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Location: UFOUpDatesList.Com > 2007 > Mar > Mar 18

Re: Armstrong On The Apollo 11 UFO - Smith

From: James Smith <lunartravel.nul>
Date: Sun, 18 Mar 2007 11:13:30 -0400 (GMT-04:00)
Fwd Date: Sun, 18 Mar 2007 17:39:04 -0400
Subject: Re: Armstrong On The Apollo 11 UFO - Smith

>From: Lan Fleming <lfleming6.nul>
>To: UFOUpdates <ufoupdates.nul>
>Date: Sat, 17 Mar 2007 15:13:22 -0500
>Subject: Armstrong On The Apollo 11 UFO

>James Smith asked about the source of an assertion I made that
>Neil Armstrong had said that the object that he and the other
>Apollo 11 astronauts saw was ahead of the spacecraft.

Thanks for getting this text.

>"In Armstrong's mind today, there is still no doubt that what
>they all saw was a detached part of their own spacecraft. "We
>did watch a slow blinking light some substantial distance away
>from us. Mission Control eventually concluded - and I agree -
>that it was one of the Saturn LM adapter panels. These panels
>are enormous and would have been given a rotation in the process
>of their ejection from the S-IVB. The reflection from these
>panels would, therefore, be similar to blinking. I do not know
>why we did not see the other three panels, but I suspect that
>the one that was directly down from the Sun from us would have
>provided the brightest reflection."

The Sun would have been at an angle about 90 degrees from the
CSM flight path and assuming that the orientation of the CSM/S-
IVB at panel jettison was correct, one panel would have been
Sunward. One needs to check the attitude at jettison since we
have no reports of seeing the panels tumble away prior to
midcourse correction.

It is an excellent point about the other three panels. Although
they would have separated somewhat from each other, they surely
would have been within the field of view.

I do not buy the "brightest reflection" business. A tumbling
panel (which they all should have been) would be at some point a
good angle to reflect the sunlight significantly. These are not
specular reflections, they are only reflections of light from
"white" surfaces.

Another point that bothers me about the panel explanation is
that the CSM was in a flight mode (spinning normal to the
ecliptic) for a large part of translunar coast. Surely these
guys were looking out the windows (there was not all that much
to do at that time)and should have seen a blinking panel prior
to the incident. All they had to do was just keep looking out
the window and the flashing panels would have come into view. If
the CSM was pointing toward the Moon most of the trip, then I
could argue the panel would have been out of the field of view,
but the spinning flight mode rules this out and implies they
should have seen it earlier.

>"How the panel had kept up with the Apollo 11 spacecraft for over
>two days - and in fact, was out in front of it - was a simple
>matter of Newtonian physics. "When the SLA panels were ejected,"
>Neil explains, "they had a very slight outward relative
>velocity, but their velocity along the flight path was
>essentially identical to that of the CSM-LM combination. The
>panels, therefore, having no atmospheric drag to slow them,
>traveled at the CSM-LM speed, but developed an ever-increasing
>lateral separation from it."

Yeah, they forgot about the midcourse firing.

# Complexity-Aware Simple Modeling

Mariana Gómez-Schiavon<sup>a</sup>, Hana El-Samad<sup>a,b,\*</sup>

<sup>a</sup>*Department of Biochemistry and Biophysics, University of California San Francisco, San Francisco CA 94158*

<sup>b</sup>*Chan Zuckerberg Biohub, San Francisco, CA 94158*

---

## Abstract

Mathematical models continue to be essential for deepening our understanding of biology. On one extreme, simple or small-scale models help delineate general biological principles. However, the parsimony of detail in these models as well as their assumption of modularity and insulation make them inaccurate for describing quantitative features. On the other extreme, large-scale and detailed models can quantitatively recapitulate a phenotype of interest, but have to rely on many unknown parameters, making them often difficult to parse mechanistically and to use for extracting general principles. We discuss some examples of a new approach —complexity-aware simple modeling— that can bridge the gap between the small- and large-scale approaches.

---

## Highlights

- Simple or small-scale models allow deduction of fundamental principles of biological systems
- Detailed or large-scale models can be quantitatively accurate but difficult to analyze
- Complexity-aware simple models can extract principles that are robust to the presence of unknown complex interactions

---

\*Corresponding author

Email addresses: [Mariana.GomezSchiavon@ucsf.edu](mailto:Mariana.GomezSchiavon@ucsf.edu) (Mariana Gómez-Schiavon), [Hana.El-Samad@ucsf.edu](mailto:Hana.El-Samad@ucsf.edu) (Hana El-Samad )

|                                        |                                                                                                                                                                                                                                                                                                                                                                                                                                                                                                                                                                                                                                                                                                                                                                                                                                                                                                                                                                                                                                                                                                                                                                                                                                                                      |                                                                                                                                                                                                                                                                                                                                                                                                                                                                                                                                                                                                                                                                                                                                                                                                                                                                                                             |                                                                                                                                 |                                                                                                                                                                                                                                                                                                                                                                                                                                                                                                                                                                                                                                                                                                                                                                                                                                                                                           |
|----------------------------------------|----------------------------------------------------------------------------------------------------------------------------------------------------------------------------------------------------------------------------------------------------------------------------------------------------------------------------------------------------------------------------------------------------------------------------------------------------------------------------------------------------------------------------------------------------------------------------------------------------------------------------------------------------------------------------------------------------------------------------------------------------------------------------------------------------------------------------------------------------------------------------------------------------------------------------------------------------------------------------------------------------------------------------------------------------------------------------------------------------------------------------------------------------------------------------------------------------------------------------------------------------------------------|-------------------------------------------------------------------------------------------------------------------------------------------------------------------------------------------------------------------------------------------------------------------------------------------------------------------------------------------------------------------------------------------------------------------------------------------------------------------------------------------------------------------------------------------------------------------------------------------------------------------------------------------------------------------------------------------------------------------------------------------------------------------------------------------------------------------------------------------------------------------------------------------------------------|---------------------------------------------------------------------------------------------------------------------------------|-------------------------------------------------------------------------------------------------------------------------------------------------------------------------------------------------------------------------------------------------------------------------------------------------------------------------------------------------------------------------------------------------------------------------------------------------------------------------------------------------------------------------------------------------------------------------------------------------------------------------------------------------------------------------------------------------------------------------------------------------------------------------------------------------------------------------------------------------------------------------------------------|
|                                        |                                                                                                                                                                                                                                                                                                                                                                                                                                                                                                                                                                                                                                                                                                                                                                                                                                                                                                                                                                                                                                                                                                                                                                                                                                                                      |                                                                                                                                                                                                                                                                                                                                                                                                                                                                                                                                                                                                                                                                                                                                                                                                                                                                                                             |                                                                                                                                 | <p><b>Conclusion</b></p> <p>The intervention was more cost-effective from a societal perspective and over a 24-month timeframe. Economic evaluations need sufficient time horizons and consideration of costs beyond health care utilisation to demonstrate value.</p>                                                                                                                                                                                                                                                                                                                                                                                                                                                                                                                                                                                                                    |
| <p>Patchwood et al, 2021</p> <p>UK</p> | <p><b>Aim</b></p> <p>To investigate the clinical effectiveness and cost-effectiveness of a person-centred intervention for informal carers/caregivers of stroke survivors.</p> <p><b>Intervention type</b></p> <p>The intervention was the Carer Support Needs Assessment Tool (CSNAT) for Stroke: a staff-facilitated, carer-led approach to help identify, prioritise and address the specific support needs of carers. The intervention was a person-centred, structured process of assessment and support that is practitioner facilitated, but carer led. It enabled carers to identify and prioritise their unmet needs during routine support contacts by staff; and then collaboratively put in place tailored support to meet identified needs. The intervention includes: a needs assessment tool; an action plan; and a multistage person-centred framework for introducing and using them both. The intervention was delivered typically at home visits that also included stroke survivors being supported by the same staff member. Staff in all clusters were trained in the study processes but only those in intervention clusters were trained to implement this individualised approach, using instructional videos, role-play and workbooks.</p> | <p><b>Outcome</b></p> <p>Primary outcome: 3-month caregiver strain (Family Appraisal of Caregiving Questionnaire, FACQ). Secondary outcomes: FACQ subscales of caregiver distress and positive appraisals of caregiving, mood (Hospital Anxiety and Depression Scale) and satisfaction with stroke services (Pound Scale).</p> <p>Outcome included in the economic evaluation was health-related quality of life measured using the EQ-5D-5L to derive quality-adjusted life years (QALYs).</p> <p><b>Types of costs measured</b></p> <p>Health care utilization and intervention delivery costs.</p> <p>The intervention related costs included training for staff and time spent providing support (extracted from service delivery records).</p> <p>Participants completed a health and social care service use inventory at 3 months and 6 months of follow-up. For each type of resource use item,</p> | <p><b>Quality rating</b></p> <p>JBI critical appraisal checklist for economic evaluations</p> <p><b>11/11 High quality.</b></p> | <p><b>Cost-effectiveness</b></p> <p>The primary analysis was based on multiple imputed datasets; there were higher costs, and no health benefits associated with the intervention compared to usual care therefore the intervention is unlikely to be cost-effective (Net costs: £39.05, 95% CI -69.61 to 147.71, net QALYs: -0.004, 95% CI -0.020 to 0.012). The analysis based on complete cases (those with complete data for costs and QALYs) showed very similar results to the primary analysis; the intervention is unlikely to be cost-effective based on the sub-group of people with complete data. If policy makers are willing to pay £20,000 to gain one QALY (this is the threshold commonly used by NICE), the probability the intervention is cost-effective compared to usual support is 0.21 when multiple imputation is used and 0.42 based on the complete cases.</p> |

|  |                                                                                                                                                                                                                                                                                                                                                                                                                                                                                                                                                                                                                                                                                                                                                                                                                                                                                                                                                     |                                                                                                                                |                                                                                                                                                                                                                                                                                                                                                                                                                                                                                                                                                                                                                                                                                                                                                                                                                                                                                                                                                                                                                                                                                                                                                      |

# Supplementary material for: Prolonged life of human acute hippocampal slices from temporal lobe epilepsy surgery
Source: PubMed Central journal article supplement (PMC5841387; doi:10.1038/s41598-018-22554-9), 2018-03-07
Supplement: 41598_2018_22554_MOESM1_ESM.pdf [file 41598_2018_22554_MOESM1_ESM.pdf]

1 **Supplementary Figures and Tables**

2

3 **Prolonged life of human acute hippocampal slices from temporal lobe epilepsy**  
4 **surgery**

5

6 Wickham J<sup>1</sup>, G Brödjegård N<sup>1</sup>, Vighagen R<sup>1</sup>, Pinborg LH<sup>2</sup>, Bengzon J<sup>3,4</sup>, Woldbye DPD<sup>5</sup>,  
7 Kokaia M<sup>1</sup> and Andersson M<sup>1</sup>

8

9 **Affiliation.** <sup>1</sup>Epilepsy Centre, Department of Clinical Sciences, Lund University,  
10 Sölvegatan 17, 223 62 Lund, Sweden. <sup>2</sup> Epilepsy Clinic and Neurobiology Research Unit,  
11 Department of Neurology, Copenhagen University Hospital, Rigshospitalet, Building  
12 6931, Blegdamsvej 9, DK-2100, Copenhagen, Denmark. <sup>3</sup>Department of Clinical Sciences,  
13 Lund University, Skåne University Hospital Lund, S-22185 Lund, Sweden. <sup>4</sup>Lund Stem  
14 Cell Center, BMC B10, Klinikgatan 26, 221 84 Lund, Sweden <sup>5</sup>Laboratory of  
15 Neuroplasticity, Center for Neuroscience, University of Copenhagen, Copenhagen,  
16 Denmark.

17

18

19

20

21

>As can be seen in the above text, Armstrong doesn't explicitly
>say that the object they saw was ahead of the spacecraft; he
>only implies it was down sun from the spacecraft. It is the
>author, not Armstrong, who says that the panels were "out in
>front of" the spacecraft. But since this was an authorized
>biography, presumably Armstrong was the source of Hansen's
>explanation, which is incorrect.

>As a simple matter of Newtonian physics, the combined effects of
>the panel jettison velocity and the spacecraft's midcourse
>correction makes the preferred NASA explanation virtually

>At the distance of 577 miles computed by James Smith, the object
>could have been no more than a featureless dot, even under the
>magnification of the Apollo's 28-power telescope.

The "dot" aspect I do not know for sure, I have not tried to
simulate the telescopic situation. It does seem unlikely. But
I do not know the characteristics of the telescope. When STS
camera do extreme zooms (but are not focused) on Soyuz and other
distant orbiting objects, some pretty odd shapes occur.

>It could not
>have appeared to be shaped like an "open suitcase" as Armstrong
>described it in the post-flight debriefing, or any discernible
>shape at all. And of course, contrary to what the author
>implies, Buzz Aldrin, at least, seemed to orignally have had
>plenty of doubt that the object was an SLA panel because of its
>observed shape.

I have not tried to simulate the illumination conditions,
reflectivity/paint of the panel surfaces, panel orientation to
see if it can appear to be a "open suitcase".

>Those difficulties with the panel explanation notwithstanding,
>Armstrong's authorized biography says the object was an SLA
>panel, Aldrin's own book said it was an SLA panel, and Mission
>Control said it was an SLA panel, so that makes the panel
>explanation a 'fact' carved in stone, even though it's almost
>certainly wrong.

Okay, it seems wrong, and all these guys have for whatever
reason decided its a SLA panel. I still am not clear what one
can infer from this. We already know that the
government/authorities will always choose a prosaic explanation
first. If you rub their noses into how wrong they are, they will
simply come up with another one which you can't refute
adequately (e.g. debris from the CSM/LM).

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